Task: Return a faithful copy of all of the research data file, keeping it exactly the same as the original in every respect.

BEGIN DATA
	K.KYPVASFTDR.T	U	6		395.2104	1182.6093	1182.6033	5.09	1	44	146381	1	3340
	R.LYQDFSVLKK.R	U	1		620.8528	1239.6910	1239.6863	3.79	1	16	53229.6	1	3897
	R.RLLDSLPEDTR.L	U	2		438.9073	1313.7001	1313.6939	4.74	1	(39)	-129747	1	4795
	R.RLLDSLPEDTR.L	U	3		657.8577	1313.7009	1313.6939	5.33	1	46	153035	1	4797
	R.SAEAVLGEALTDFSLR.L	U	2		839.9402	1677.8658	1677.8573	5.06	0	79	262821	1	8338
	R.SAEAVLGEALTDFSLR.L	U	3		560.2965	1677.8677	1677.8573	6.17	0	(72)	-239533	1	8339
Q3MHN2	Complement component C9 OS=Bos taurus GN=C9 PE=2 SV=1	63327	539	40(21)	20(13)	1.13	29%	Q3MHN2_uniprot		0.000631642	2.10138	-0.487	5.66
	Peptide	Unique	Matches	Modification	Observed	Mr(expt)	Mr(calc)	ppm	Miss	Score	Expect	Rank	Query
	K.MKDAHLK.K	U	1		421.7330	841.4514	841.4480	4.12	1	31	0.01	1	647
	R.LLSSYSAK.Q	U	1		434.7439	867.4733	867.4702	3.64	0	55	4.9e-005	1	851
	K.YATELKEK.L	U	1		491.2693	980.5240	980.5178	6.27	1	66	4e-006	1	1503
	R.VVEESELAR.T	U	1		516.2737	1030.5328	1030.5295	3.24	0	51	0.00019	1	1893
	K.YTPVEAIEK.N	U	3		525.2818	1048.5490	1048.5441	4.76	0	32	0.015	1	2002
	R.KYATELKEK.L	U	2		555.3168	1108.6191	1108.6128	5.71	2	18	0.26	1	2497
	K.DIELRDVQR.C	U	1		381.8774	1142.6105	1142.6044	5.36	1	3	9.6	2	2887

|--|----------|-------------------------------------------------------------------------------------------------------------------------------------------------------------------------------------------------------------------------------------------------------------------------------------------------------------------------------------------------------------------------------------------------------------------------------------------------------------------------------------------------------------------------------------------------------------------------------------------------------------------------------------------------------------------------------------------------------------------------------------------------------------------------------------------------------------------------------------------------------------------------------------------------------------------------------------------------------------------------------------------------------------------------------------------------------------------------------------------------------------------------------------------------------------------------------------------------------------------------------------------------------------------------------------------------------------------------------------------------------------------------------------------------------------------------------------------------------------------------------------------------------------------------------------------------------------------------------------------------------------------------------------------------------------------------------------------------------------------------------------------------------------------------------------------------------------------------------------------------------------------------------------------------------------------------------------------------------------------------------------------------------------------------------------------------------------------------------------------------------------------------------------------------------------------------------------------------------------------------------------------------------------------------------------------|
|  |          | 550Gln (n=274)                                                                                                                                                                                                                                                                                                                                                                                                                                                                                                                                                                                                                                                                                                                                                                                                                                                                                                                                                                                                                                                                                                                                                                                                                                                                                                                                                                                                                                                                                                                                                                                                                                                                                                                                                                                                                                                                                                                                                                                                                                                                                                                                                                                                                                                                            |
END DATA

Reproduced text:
	K.KYPVASFTDR.T	U	6		395.2104	1182.6093	1182.6033	5.09	1	44	146381	1	3340
	R.LYQDFSVLKK.R	U	1		620.8528	1239.6910	1239.6863	3.79	1	16	53229.6	1	3897
	R.RLLDSLPEDTR.L	U	2		438.9073	1313.7001	1313.6939	4.74	1	(39)	-129747	1	4795
	R.RLLDSLPEDTR.L	U	3		657.8577	1313.7009	1313.6939	5.33	1	46	153035	1	4797
	R.SAEAVLGEALTDFSLR.L	U	2		839.9402	1677.8658	1677.8573	5.06	0	79	262821	1	8338
	R.SAEAVLGEALTDFSLR.L	U	3		560.2965	1677.8677	1677.8573	6.17	0	(72)	-239533	1	8339
Q3MHN2	Complement component C9 OS=Bos taurus GN=C9 PE=2 SV=1	63327	539	40(21)	20(13)	1.13	29%	Q3MHN2_uniprot		0.000631642	2.10138	-0.487	5.66
	Peptide	Unique	Matches	Modification	Observed	Mr(expt)	Mr(calc)	ppm	Miss	Score	Expect	Rank	Query
	K.MKDAHLK.K	U	1		421.7330	841.4514	841.4480	4.12	1	31	0.01	1	647
	R.LLSSYSAK.Q	U	1		434.7439	867.4733	867.4702	3.64	0	55	4.9e-005	1	851
	K.YATELKEK.L	U	1		491.2693	980.5240	980.5178	6.27	1	66	4e-006	1	1503
	R.VVEESELAR.T	U	1		516.2737	1030.5328	1030.5295	3.24	0	51	0.00019	1	1893
	K.YTPVEAIEK.N	U	3		525.2818	1048.5490	1048.5441	4.76	0	32	0.015	1	2002
	R.KYATELKEK.L	U	2		555.3168	1108.6191	1108.6128	5.71	2	18	0.26	1	2497
	K.DIELRDVQR.C	U	1		381.8774	1142.6105	1142.6044	5.36	1	3	9.6	2	2887

|--|----------|-------------------------------------------------------------------------------------------------------------------------------------------------------------------------------------------------------------------------------------------------------------------------------------------------------------------------------------------------------------------------------------------------------------------------------------------------------------------------------------------------------------------------------------------------------------------------------------------------------------------------------------------------------------------------------------------------------------------------------------------------------------------------------------------------------------------------------------------------------------------------------------------------------------------------------------------------------------------------------------------------------------------------------------------------------------------------------------------------------------------------------------------------------------------------------------------------------------------------------------------------------------------------------------------------------------------------------------------------------------------------------------------------------------------------------------------------------------------------------------------------------------------------------------------------------------------------------------------------------------------------------------------------------------------------------------------------------------------------------------------------------------------------------------------------------------------------------------------------------------------------------------------------------------------------------------------------------------------------------------------------------------------------------------------------------------------------------------------------------------------------------------------------------------------------------------------------------------------------------------------------------------------------------------------|
|  |          | 550Gln (n=274)                                                                                                                                                                                                                                                                                                                                                                                                                                                                                                                                                                                                                                                                                                                                                                                                                                                                                                                                                                                                                                                                                                                                                                                                                                                                                                                                                                                                                                                                                                                                                                                                                                                                                                                                                                                                                                                                                                                                                                                                                                                                                                                                                                                                                                                                            |